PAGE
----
Explore the medieval city of Maribor through its vineyards, wineries and restaurants on a gastronomic tour of Slovenia, the central European country that is celebrating its 25th anniversary of independence from the former Yuguslavia this year

“I don’t just sell this wine to anyone you know,” says our enthusiastic host, gesturing towards a shelf of bottles caked in dust, visible only through dim candlelight and positioned behind a rather large and old-looking metal gate. I’m standing in one of the biggest wine cellars in Europe, and not only that, it’s one of the oldest, too. Intricately-carved wooden barrels depicting stories of the region’s winemaking history flank narrow walkways leading to cellar after cellar of classic bottles and newer vintages. It’s an impressive hoard, but what makes it surprising isn’t the winemaking prowess that’s on show, but the fact that I’m underground in Slovenia.


If you don’t immediately associate this pretty central European country with fine wines, you can’t be blamed, but Slovenia has a long and proud wine-producing history that spans hundreds of years, particularly in the country’s ‘second city’, Maribor (the first being its capital, Ljubljana). Situated on the Drava River in the east of Slovenia, you don’t need to stray far from the town’s cobbled streets to reach miles and miles of hilly vineyards, but our introduction to the region’s viticulture is starting right here in the vast cellars of the Vinag winery.

I ask why they’re so picky about these carefully guarded bottles, and what makes them so covetable, and I’m told that the vintage in question – a 1966 Riesling – is reserved for those who “really, really appreciate the wine.” And if you pass that test? Well then of course you can take a bottle home with you. But only if you have a minimum of 7,000 euros at your disposal, which is how much the last one sold for. What the next bottle sells for is anybody’s guess, but what’s for certain is that it won’t be gracing the dinner table of any old wine drinker.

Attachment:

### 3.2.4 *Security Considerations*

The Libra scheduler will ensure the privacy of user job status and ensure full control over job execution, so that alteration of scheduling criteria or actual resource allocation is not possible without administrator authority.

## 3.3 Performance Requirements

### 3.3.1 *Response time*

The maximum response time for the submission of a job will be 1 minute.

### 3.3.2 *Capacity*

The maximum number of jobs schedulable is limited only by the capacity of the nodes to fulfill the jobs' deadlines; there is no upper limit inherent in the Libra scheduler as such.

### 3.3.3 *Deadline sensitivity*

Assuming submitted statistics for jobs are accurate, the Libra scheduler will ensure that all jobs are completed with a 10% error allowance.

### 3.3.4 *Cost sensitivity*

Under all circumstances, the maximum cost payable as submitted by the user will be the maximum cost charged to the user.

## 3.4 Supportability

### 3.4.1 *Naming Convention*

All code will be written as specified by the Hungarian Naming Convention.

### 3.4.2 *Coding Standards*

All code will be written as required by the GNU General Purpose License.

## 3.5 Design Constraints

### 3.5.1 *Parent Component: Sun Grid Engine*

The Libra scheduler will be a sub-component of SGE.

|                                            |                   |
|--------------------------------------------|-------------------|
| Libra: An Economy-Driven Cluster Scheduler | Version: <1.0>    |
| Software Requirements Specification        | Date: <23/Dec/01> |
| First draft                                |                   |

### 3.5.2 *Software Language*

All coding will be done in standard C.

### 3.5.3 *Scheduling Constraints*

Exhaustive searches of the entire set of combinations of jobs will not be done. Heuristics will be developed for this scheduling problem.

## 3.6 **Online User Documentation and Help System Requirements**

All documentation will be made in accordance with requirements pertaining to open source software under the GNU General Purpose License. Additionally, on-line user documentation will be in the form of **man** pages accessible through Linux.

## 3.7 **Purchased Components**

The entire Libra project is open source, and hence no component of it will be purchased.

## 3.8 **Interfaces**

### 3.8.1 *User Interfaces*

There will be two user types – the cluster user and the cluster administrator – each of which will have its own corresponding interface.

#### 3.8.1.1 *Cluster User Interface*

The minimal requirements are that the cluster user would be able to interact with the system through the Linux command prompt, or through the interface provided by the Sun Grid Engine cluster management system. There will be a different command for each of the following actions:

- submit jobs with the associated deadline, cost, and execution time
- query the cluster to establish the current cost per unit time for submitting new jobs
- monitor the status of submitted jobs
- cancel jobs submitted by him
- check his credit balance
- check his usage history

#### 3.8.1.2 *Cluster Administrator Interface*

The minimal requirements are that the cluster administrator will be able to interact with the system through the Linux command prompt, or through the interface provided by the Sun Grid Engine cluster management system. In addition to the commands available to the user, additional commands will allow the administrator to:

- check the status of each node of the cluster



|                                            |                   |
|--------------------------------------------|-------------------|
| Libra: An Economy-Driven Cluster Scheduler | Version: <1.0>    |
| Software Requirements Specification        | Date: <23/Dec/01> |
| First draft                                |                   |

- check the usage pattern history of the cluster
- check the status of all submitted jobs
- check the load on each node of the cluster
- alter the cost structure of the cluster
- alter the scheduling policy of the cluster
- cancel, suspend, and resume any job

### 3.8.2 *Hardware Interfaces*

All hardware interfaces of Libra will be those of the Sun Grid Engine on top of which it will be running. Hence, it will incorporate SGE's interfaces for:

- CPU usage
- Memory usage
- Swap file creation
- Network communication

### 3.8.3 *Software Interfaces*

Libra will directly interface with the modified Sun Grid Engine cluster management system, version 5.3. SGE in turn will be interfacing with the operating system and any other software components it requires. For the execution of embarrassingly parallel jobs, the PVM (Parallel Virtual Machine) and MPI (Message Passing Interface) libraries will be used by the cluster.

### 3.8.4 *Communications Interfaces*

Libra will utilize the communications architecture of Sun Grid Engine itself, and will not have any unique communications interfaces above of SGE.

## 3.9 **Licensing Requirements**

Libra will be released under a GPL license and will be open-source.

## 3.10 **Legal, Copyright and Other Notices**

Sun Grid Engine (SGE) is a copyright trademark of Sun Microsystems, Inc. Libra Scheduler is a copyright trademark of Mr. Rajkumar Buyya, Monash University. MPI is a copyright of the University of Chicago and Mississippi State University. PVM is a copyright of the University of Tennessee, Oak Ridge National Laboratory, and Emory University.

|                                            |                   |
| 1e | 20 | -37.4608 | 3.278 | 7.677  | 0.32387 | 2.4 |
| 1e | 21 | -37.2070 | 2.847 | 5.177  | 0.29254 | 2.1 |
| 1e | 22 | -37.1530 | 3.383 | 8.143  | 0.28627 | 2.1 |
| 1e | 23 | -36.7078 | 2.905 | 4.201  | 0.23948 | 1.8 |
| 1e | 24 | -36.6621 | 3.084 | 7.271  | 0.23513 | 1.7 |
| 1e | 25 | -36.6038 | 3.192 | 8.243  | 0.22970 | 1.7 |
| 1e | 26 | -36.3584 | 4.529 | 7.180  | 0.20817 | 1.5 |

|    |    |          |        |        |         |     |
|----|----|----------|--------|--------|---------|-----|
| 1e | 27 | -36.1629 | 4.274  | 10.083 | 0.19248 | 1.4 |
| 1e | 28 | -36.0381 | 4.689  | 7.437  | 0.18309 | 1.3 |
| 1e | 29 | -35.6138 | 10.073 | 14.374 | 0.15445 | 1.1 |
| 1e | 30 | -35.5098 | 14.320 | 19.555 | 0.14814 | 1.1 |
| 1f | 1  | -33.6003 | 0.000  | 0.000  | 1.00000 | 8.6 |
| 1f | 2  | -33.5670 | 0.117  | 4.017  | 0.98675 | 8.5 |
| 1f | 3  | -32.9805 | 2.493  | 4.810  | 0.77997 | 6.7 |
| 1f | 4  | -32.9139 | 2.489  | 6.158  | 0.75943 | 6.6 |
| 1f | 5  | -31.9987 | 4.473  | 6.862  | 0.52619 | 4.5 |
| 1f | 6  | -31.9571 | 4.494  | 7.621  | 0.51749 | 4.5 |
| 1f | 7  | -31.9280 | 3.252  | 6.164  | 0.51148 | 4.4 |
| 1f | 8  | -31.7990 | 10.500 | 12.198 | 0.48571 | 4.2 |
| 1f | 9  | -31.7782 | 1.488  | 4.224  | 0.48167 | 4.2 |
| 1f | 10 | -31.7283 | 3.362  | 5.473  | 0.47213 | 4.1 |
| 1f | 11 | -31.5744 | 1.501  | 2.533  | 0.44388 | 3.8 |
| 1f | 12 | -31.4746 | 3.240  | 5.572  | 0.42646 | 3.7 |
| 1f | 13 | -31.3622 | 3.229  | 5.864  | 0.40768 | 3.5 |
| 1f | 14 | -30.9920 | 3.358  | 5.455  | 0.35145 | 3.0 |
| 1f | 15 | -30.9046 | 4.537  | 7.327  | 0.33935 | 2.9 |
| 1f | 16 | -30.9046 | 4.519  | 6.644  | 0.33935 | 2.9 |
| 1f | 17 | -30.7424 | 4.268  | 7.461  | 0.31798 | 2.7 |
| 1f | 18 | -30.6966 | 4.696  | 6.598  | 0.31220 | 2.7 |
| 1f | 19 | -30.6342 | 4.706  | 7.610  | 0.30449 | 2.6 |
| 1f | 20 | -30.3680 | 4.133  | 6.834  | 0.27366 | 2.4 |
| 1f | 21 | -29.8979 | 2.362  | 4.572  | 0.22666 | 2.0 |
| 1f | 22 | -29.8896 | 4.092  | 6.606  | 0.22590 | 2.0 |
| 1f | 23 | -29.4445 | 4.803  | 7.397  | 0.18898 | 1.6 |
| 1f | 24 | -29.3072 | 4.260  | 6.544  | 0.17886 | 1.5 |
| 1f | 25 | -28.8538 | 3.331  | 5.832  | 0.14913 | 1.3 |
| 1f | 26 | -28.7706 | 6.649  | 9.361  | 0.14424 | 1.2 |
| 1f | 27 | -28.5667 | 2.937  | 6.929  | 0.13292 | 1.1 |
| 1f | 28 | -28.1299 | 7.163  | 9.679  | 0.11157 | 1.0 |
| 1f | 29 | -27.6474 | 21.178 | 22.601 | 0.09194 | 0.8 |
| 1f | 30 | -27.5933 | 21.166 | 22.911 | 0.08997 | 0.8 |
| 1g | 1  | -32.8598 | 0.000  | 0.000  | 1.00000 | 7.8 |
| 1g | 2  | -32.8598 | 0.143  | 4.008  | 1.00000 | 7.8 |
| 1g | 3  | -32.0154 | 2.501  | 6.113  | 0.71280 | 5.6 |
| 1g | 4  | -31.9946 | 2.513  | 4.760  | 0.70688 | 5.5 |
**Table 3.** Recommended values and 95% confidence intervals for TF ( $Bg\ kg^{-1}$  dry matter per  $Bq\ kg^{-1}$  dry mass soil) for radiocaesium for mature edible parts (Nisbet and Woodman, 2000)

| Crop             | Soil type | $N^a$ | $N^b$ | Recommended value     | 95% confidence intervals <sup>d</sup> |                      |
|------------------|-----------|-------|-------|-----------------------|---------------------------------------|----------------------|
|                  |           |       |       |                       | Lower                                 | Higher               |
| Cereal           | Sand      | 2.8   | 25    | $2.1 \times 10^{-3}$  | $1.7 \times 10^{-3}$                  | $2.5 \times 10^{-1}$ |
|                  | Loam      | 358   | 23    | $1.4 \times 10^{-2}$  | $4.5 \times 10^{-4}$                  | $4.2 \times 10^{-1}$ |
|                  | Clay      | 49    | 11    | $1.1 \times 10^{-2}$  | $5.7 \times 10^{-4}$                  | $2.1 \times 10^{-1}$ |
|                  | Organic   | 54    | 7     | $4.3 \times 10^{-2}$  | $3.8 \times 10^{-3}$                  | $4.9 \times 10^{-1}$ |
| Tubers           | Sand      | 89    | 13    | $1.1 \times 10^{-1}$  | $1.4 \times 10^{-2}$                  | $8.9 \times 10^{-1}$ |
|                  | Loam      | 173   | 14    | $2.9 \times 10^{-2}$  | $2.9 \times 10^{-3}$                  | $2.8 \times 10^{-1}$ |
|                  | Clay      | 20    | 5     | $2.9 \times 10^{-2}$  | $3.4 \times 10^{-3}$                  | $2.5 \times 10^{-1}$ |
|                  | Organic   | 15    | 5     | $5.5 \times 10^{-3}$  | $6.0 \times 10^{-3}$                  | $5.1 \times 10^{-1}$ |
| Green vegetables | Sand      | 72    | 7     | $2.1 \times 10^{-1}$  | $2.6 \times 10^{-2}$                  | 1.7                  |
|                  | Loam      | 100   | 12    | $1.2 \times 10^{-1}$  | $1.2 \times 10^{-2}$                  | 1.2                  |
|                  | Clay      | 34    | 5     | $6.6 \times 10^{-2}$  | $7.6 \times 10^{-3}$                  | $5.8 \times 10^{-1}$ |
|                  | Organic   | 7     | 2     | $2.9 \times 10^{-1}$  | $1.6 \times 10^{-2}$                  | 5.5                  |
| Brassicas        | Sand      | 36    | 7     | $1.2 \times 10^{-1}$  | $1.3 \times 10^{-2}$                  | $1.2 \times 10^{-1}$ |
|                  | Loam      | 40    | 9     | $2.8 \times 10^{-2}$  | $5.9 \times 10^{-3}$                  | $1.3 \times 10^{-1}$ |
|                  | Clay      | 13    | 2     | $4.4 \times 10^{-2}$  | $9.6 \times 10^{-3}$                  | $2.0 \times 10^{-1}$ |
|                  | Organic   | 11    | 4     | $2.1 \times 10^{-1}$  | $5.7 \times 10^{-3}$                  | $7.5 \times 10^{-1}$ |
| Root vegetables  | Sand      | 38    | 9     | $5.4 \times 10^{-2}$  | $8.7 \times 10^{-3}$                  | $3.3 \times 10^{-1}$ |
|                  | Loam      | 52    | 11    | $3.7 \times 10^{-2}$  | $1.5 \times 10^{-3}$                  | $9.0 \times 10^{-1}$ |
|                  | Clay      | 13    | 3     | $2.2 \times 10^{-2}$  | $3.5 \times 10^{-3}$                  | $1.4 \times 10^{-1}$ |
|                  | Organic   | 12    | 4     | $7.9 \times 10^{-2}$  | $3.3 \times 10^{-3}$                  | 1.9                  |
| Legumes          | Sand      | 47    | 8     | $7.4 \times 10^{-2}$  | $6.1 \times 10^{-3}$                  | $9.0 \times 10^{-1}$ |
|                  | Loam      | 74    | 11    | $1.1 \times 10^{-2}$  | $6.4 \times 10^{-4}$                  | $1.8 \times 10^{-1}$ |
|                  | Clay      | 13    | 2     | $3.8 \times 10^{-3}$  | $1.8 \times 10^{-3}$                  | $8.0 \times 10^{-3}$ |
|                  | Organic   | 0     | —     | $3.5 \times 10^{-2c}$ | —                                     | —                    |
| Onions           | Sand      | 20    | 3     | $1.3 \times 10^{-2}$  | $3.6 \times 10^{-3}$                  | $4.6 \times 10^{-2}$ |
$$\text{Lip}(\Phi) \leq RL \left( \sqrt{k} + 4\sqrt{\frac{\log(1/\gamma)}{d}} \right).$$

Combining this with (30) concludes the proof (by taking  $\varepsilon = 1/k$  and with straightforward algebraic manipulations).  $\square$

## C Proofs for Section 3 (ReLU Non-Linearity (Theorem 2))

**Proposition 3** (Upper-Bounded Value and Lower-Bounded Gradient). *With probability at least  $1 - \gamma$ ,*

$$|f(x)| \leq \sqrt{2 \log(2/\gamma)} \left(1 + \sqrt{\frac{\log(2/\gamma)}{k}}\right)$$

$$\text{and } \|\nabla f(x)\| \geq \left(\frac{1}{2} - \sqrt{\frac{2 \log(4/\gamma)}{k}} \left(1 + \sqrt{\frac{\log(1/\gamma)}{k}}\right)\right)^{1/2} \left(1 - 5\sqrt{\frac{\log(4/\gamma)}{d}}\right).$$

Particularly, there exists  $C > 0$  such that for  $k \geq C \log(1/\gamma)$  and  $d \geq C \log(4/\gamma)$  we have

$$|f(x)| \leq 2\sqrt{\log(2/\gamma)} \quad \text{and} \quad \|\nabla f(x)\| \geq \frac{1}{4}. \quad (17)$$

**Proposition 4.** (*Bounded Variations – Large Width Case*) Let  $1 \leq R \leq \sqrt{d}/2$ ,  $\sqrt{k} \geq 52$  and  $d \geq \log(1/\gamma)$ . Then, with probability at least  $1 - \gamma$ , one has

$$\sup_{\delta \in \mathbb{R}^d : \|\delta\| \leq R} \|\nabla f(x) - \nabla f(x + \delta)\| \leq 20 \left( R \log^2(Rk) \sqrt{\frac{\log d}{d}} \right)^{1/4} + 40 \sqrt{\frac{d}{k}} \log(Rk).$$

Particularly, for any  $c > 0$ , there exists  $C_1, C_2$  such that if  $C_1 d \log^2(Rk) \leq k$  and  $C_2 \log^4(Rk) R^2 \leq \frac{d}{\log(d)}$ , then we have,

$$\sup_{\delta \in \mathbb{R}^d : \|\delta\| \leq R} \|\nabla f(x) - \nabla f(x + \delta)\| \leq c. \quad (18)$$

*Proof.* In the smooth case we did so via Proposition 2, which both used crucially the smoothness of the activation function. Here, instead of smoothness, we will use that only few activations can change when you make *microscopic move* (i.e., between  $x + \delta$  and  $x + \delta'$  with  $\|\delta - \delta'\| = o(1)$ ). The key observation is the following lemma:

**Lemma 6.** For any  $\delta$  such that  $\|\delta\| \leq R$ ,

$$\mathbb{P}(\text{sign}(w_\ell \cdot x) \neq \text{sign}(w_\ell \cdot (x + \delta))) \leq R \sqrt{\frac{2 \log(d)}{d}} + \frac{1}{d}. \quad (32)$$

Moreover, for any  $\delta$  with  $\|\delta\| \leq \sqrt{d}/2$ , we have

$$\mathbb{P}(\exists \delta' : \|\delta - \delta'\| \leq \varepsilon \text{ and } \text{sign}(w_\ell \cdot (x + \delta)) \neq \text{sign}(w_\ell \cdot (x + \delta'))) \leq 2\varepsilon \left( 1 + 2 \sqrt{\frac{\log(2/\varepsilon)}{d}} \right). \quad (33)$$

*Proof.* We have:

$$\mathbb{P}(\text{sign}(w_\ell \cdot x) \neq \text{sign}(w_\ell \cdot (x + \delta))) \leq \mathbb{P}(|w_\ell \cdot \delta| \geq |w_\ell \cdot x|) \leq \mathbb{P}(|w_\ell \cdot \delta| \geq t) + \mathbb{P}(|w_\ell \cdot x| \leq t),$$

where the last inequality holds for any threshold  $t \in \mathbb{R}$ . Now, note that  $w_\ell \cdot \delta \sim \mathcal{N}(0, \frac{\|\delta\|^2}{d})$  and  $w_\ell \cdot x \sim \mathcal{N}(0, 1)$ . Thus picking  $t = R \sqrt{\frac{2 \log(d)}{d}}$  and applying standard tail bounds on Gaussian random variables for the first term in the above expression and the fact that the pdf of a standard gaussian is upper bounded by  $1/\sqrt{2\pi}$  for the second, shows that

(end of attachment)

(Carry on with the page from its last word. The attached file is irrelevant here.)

No need to worry though, as there’s plenty more on offer, and a lot of it sits at the top end of the wine spectrum. Penina is the region’s answer to champagne, and a very fine version it is too. Made using exactly the same technique (the methode champenoise) as the classic French fizz – including the all-important in-bottle second fermentation that produces the bubbles – it’s 100% chardonnay, and as you’d expect resembles a blancs de blancs champagne. It’s the perfect way to toast the start of our Slovenian wine adventure.


Venturing further into town, we reach a picturesque riverside building with a terracotta-tiled roof and a large vine creeping all the way along it. This isn’t just any vine though – at 450 years young, it’s the oldest fruit-producing vine in the entire world. More than just a tourist attraction, the grapes from the imaginatively named ‘Old Vine’ are still used to produce wine, but again, you can’t buy it. Not even for 10,000 euros (a recent offer that was turned down by the house). These covetable bottles are reserved for the likes royalty and presidents.

What you can get hold of in Maribor, however, is a range of bottles that will not only please the palette, but tell a story too. Here you can find many European wine types in one country, with Riesling and Welschriesling the most prevalent. You can sip the classy whites in one of the town’s typically charming wine bars, where locals spill out onto the streets in the evening, but to really get a taste of what the region is all about, we head to its source.